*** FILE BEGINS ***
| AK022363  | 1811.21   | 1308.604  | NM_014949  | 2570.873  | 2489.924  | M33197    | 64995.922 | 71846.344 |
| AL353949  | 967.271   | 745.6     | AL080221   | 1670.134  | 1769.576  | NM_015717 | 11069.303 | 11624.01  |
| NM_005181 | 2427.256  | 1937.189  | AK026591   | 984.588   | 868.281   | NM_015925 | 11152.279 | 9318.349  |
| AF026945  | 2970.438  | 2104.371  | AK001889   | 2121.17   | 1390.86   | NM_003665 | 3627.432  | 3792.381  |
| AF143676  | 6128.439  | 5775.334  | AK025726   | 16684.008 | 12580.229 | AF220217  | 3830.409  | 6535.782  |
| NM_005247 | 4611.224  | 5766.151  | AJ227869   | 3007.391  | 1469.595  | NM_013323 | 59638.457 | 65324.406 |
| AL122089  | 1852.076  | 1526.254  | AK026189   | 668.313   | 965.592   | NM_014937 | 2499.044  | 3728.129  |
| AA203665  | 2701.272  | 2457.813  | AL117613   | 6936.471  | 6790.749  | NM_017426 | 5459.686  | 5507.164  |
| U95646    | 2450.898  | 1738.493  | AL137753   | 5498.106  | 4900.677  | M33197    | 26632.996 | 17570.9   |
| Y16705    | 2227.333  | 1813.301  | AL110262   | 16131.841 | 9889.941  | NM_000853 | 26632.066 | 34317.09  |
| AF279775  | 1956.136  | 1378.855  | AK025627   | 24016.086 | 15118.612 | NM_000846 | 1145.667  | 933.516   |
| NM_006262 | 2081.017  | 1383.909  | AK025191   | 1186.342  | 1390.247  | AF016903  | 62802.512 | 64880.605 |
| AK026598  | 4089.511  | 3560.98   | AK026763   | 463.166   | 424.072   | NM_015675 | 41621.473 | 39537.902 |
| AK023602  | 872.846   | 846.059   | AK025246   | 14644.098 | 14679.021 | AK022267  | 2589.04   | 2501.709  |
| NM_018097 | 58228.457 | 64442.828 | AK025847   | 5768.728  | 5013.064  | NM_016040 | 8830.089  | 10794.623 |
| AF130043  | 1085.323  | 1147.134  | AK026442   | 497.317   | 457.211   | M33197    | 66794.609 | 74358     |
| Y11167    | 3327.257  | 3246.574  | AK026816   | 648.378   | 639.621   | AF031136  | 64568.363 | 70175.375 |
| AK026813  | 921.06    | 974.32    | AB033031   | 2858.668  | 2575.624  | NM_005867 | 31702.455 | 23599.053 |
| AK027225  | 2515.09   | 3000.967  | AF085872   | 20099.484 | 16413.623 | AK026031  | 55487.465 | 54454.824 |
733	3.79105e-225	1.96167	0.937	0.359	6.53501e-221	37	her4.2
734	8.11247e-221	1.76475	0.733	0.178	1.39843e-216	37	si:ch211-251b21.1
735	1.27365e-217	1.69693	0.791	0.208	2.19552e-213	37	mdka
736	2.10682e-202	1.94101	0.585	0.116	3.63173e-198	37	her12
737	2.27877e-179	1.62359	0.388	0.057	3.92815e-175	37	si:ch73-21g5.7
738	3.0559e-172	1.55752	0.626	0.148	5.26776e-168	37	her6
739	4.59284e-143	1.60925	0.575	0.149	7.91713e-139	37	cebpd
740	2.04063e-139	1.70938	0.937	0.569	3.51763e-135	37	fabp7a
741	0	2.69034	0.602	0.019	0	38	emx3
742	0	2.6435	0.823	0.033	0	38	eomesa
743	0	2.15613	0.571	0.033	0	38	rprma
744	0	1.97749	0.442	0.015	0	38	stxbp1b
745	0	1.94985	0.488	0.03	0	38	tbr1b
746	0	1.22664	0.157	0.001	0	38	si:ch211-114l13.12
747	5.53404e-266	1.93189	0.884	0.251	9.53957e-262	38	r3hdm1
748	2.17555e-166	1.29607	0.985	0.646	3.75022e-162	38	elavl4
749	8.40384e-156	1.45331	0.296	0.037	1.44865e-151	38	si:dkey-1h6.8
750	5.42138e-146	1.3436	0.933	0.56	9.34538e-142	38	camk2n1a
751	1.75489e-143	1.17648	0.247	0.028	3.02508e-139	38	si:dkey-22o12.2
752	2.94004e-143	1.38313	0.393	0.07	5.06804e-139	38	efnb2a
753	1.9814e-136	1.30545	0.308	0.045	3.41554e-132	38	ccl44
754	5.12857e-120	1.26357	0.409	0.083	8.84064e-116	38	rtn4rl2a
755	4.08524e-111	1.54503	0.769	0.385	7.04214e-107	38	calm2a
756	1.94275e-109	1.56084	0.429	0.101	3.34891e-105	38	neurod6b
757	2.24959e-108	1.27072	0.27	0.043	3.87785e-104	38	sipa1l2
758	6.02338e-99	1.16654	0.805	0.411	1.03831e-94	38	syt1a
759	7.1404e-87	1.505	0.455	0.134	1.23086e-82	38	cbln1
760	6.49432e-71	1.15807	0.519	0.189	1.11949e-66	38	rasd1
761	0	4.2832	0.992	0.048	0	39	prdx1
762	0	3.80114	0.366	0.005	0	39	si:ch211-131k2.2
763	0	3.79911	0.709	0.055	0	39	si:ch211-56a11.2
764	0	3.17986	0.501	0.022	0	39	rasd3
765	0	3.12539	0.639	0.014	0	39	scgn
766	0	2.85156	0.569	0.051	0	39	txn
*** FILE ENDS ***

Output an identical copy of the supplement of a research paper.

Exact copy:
| AK022363  | 1811.21   | 1308.604  | NM_014949  | 2570.873  | 2489.924  | M33197    | 64995.922 | 71846.344 |
| AL353949  | 967.271   | 745.6     | AL080221   | 1670.134  | 1769.576  | NM_015717 | 11069.303 | 11624.01  |
| NM_005181 | 2427.256  | 1937.189  | AK026591   | 984.588   | 868.281   | NM_015925 | 11152.279 | 9318.349  |
| AF026945  | 2970.438  | 2104.371  | AK001889   | 2121.17   | 1390.86   | NM_003665 | 3627.432  | 3792.381  |
| AF143676  | 6128.439  | 5775.334  | AK025726   | 16684.008 | 12580.229 | AF220217  | 3830.409  | 6535.782  |
| NM_005247 | 4611.224  | 5766.151  | AJ227869   | 3007.391  | 1469.595  | NM_013323 | 59638.457 | 65324.406 |
| AL122089  | 1852.076  | 1526.254  | AK026189   | 668.313   | 965.592   | NM_014937 | 2499.044  | 3728.129  |
| AA203665  | 2701.272  | 2457.813  | AL117613   | 6936.471  | 6790.749  | NM_017426 | 5459.686  | 5507.164  |
| U95646    | 2450.898  | 1738.493  | AL137753   | 5498.106  | 4900.677  | M33197    | 26632.996 | 17570.9   |
| Y16705    | 2227.333  | 1813.301  | AL110262   | 16131.841 | 9889.941  | NM_000853 | 26632.066 | 34317.09  |
| AF279775  | 1956.136  | 1378.855  | AK025627   | 24016.086 | 15118.612 | NM_000846 | 1145.667  | 933.516   |
| NM_006262 | 2081.017  | 1383.909  | AK025191   | 1186.342  | 1390.247  | AF016903  | 62802.512 | 64880.605 |
| AK026598  | 4089.511  | 3560.98   | AK026763   | 463.166   | 424.072   | NM_015675 | 41621.473 | 39537.902 |
| AK023602  | 872.846   | 846.059   | AK025246   | 14644.098 | 14679.021 | AK022267  | 2589.04   | 2501.709  |
| NM_018097 | 58228.457 | 64442.828 | AK025847   | 5768.728  | 5013.064  | NM_016040 | 8830.089  | 10794.623 |
| AF130043  | 1085.323  | 1147.134  | AK026442   | 497.317   | 457.211   | M33197    | 66794.609 | 74358     |
| Y11167    | 3327.257  | 3246.574  | AK026816   | 648.378   | 639.621   | AF031136  | 64568.363 | 70175.375 |
| AK026813  | 921.06    | 974.32    | AB033031   | 2858.668  | 2575.624  | NM_005867 | 31702.455 | 23599.053 |
| AK027225  | 2515.09   | 3000.967  | AF085872   | 20099.484 | 16413.623 | AK026031  | 55487.465 | 54454.824 |
733	3.79105e-225	1.96167	0.937	0.359	6.53501e-221	37	her4.2
734	8.11247e-221	1.76475	0.733	0.178	1.39843e-216	37	si:ch211-251b21.1
735	1.27365e-217	1.69693	0.791	0.208	2.19552e-213	37	mdka
736	2.10682e-202	1.94101	0.585	0.116	3.63173e-198	37	her12
737	2.27877e-179	1.62359	0.388	0.057	3.92815e-175	37	si:ch73-21g5.7
738	3.0559e-172	1.55752	0.626	0.148	5.26776e-168	37	her6
739	4.59284e-143	1.60925	0.575	0.149	7.91713e-139	37	cebpd
740	2.04063e-139	1.70938	0.937	0.569	3.51763e-135	37	fabp7a
741	0	2.69034	0.602	0.019	0	38	emx3
742	0	2.6435	0.823	0.033	0	38	eomesa
743	0	2.15613	0.571	0.033	0	38	rprma
744	0	1.97749	0.442	0.015	0	38	stxbp1b
745	0	1.94985	0.488	0.03	0	38	tbr1b
746	0	1.22664	0.157	0.001	0	38	si:ch211-114l13.12
747	5.53404e-266	1.93189	0.884	0.251	9.53957e-262	38	r3hdm1
748	2.17555e-166	1.29607	0.985	0.646	3.75022e-162	38	elavl4
749	8.40384e-156	1.45331	0.296	0.037	1.44865e-151	38	si:dkey-1h6.8
750	5.42138e-146	1.3436	0.933	0.56	9.34538e-142	38	camk2n1a
751	1.75489e-143	1.17648	0.247	0.028	3.02508e-139	38	si:dkey-22o12.2
752	2.94004e-143	1.38313	0.393	0.07	5.06804e-139	38	efnb2a
753	1.9814e-136	1.30545	0.308	0.045	3.41554e-132	38	ccl44
754	5.12857e-120	1.26357	0.409	0.083	8.84064e-116	38	rtn4rl2a
755	4.08524e-111	1.54503	0.769	0.385	7.04214e-107	38	calm2a
756	1.94275e-109	1.56084	0.429	0.101	3.34891e-105	38	neurod6b
757	2.24959e-108	1.27072	0.27	0.043	3.87785e-104	38	sipa1l2
758	6.02338e-99	1.16654	0.805	0.411	1.03831e-94	38	syt1a
759	7.1404e-87	1.505	0.455	0.134	1.23086e-82	38	cbln1
760	6.49432e-71	1.15807	0.519	0.189	1.11949e-66	38	rasd1
761	0	4.2832	0.992	0.048	0	39	prdx1
762	0	3.80114	0.366	0.005	0	39	si:ch211-131k2.2
763	0	3.79911	0.709	0.055	0	39	si:ch211-56a11.2
764	0	3.17986	0.501	0.022	0	39	rasd3
765	0	3.12539	0.639	0.014	0	39	scgn
766	0	2.85156	0.569	0.051	0	39	txn